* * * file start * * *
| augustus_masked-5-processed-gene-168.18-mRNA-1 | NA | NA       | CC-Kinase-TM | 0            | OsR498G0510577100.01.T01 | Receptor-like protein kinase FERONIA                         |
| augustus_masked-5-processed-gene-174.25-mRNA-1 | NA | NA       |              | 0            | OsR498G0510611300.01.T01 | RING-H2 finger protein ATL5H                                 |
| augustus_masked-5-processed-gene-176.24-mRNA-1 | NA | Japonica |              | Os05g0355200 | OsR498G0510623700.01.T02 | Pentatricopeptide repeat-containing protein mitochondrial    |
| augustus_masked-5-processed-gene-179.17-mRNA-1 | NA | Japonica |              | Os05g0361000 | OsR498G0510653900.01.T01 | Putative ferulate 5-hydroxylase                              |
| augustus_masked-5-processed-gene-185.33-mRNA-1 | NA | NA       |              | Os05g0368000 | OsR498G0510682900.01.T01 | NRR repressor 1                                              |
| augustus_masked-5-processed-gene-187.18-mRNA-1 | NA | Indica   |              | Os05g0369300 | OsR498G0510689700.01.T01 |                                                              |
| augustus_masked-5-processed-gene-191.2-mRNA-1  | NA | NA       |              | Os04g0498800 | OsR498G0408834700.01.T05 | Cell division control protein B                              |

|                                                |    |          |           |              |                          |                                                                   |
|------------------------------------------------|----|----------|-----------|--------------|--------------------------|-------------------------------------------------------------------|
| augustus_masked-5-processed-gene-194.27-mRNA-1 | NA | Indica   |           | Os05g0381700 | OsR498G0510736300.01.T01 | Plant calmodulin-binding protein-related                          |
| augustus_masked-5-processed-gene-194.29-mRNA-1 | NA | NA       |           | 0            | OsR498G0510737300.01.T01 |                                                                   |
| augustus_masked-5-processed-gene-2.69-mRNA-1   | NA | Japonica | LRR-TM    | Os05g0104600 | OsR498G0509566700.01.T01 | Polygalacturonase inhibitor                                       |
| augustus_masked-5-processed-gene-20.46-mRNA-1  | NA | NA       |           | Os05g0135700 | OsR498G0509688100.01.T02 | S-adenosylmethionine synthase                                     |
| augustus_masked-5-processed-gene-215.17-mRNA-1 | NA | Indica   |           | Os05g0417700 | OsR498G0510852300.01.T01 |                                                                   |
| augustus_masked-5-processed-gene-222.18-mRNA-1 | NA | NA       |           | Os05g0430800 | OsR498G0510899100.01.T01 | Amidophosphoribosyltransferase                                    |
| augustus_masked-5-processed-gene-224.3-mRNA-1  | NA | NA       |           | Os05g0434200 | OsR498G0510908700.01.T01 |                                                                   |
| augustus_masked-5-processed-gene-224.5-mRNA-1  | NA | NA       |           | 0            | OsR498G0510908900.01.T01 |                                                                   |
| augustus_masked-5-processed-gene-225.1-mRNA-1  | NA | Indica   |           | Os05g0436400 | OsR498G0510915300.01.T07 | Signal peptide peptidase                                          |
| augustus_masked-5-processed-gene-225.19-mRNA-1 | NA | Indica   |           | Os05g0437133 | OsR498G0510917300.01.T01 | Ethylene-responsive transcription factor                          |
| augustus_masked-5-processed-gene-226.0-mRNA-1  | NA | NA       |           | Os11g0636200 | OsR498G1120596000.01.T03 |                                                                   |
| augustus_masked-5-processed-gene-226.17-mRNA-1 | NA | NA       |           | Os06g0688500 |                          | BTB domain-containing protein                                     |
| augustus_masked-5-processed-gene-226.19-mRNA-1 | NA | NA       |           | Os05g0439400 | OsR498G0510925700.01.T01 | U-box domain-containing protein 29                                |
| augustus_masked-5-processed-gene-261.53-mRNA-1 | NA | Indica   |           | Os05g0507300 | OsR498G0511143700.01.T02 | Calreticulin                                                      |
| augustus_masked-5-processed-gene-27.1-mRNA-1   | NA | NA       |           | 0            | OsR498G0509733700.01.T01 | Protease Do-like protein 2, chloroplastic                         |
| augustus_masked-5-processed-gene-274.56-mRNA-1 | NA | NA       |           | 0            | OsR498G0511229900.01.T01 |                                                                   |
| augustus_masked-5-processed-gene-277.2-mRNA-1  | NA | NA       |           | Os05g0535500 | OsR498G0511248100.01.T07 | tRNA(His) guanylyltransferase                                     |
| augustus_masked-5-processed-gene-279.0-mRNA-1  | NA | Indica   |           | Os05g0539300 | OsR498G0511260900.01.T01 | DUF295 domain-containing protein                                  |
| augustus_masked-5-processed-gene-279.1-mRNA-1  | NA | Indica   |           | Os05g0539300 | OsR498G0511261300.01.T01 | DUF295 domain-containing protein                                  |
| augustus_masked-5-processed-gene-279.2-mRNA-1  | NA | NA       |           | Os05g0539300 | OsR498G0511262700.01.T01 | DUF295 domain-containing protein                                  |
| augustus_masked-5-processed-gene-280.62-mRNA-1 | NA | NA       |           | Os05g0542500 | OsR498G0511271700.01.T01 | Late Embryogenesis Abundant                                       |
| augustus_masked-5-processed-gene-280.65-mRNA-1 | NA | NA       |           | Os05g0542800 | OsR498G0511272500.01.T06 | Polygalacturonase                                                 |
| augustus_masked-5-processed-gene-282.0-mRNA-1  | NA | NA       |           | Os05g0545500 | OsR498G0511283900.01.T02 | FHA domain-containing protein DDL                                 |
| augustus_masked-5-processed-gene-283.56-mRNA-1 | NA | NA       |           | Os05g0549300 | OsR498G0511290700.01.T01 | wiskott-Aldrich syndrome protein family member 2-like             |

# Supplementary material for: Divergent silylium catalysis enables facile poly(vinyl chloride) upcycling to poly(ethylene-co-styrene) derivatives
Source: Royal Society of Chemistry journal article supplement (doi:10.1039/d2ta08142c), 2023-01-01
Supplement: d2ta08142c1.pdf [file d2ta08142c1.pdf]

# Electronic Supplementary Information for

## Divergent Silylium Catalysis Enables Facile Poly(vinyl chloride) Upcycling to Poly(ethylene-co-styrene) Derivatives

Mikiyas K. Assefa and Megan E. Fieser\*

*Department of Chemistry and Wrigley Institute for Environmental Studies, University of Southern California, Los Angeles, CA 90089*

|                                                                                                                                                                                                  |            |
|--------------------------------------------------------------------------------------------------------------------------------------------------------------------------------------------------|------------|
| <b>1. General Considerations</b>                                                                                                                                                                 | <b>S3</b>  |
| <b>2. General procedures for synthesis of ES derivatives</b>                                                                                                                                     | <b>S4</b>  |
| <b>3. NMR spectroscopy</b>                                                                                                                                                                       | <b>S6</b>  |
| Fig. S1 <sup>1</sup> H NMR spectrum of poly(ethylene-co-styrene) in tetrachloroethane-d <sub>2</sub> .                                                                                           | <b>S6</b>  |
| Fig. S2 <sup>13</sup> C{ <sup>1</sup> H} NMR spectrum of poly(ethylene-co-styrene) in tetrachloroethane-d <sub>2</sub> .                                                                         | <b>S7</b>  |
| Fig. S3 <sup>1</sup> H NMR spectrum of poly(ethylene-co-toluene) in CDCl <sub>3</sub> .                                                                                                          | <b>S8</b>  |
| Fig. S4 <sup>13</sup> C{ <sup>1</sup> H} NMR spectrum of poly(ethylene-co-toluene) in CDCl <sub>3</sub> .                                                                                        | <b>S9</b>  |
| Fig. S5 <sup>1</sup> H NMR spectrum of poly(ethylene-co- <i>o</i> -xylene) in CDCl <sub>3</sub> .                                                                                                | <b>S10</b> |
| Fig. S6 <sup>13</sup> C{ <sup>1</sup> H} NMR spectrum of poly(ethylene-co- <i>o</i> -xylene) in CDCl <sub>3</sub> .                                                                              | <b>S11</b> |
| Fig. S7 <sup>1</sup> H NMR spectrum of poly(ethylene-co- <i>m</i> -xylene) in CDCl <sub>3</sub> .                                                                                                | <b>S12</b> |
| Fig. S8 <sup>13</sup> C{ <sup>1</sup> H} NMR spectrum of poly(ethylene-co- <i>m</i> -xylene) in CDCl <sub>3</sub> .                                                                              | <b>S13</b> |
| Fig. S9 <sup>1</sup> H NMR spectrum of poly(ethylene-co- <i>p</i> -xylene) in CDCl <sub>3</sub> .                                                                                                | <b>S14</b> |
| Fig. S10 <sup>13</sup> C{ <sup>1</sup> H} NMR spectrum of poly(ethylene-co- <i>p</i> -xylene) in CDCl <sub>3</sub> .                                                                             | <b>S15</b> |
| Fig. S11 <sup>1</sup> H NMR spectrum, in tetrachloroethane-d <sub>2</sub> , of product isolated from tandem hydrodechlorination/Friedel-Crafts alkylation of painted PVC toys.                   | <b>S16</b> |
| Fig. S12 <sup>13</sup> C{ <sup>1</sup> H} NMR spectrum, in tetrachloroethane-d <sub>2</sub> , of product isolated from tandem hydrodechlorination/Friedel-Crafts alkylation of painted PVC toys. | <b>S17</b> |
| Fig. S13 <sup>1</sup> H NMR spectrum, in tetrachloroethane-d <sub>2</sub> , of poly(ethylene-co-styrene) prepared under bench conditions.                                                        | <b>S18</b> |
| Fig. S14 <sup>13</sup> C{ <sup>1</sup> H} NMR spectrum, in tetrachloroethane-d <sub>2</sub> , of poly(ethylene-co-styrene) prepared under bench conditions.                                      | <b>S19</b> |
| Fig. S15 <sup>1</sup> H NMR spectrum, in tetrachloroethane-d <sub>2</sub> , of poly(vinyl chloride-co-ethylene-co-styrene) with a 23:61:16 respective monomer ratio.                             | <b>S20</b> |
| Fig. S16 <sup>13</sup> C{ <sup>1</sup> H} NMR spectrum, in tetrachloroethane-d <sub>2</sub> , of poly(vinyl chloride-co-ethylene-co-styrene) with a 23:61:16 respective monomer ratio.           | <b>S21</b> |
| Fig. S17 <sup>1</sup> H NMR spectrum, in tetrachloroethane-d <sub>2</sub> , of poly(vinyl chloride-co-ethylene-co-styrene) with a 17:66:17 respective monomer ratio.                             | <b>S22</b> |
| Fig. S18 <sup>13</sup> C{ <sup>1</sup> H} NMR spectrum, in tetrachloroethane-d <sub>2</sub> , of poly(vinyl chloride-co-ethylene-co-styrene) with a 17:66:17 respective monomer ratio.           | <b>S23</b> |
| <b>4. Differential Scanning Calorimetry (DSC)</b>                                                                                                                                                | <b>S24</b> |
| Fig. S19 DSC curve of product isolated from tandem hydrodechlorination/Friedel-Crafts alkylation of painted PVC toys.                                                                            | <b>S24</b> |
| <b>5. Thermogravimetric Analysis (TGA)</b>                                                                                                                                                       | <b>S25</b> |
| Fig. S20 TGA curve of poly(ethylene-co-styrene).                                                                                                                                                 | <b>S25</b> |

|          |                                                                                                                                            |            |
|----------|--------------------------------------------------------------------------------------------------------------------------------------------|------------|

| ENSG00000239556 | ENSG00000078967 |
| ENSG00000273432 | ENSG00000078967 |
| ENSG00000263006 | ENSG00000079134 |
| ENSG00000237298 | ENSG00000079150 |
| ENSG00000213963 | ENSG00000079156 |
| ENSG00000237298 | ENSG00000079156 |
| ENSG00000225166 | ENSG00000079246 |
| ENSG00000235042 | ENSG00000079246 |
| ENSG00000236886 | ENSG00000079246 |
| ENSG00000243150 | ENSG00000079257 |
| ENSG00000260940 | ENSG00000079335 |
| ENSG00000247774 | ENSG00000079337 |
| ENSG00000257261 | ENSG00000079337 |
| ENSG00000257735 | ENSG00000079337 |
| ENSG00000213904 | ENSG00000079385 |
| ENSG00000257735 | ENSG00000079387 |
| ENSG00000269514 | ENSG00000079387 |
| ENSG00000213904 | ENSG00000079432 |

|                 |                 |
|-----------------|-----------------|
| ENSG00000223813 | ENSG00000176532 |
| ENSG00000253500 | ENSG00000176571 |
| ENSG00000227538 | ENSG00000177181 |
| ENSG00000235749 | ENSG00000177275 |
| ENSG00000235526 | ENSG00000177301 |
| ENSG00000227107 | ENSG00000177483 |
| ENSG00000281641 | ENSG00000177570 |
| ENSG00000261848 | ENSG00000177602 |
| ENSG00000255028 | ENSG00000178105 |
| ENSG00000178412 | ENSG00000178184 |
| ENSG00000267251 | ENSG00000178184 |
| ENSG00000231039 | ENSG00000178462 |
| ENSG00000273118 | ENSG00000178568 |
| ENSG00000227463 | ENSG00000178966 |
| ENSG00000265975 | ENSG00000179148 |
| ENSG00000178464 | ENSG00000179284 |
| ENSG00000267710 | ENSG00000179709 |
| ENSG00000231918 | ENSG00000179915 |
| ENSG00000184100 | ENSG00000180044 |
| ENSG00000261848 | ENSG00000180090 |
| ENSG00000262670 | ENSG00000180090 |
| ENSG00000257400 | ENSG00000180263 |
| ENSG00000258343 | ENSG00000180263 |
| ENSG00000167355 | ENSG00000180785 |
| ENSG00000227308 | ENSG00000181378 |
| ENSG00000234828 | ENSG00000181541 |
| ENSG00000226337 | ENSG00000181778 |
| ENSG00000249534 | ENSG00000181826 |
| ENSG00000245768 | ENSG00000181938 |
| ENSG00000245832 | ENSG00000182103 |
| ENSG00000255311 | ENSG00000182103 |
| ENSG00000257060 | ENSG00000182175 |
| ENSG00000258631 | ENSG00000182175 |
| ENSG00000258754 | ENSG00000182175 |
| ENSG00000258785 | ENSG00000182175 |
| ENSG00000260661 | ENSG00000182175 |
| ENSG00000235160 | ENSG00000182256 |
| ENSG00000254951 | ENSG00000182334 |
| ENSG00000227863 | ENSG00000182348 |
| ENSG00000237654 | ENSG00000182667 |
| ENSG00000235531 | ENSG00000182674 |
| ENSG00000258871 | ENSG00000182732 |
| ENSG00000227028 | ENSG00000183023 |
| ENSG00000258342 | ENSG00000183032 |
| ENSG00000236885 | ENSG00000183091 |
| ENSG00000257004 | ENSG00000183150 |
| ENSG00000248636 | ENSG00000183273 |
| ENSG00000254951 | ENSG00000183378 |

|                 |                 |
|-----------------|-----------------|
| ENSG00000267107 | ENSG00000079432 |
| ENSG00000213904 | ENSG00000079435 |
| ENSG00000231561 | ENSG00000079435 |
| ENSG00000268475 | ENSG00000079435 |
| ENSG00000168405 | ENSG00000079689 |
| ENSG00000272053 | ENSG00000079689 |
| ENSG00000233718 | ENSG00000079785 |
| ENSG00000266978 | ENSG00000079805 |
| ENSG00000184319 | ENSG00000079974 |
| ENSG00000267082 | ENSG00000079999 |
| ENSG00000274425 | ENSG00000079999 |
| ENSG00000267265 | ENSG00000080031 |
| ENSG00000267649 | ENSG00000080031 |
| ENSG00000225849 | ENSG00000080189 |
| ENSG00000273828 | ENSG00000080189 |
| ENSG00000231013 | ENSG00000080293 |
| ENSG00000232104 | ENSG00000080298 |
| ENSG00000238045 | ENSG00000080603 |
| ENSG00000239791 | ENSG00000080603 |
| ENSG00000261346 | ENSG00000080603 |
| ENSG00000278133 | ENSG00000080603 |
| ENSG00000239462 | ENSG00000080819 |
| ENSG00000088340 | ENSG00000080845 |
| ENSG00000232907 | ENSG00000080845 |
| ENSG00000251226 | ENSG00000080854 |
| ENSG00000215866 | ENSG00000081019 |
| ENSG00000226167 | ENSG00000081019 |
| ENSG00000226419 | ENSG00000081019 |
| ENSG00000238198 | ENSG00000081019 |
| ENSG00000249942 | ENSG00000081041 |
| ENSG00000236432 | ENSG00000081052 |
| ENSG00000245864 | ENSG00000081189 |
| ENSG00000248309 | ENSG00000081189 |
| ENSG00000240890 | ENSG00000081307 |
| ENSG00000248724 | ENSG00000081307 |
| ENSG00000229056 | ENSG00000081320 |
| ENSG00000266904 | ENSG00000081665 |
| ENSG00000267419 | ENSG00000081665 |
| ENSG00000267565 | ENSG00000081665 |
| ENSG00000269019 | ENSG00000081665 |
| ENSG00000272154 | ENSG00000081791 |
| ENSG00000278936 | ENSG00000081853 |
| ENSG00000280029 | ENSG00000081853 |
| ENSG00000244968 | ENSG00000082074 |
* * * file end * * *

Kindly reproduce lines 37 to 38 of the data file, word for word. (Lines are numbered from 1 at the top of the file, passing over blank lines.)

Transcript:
# Electronic Supplementary Information for

## Divergent Silylium Catalysis Enables Facile Poly(vinyl chloride) Upcycling to Poly(ethylene-co-styrene) Derivatives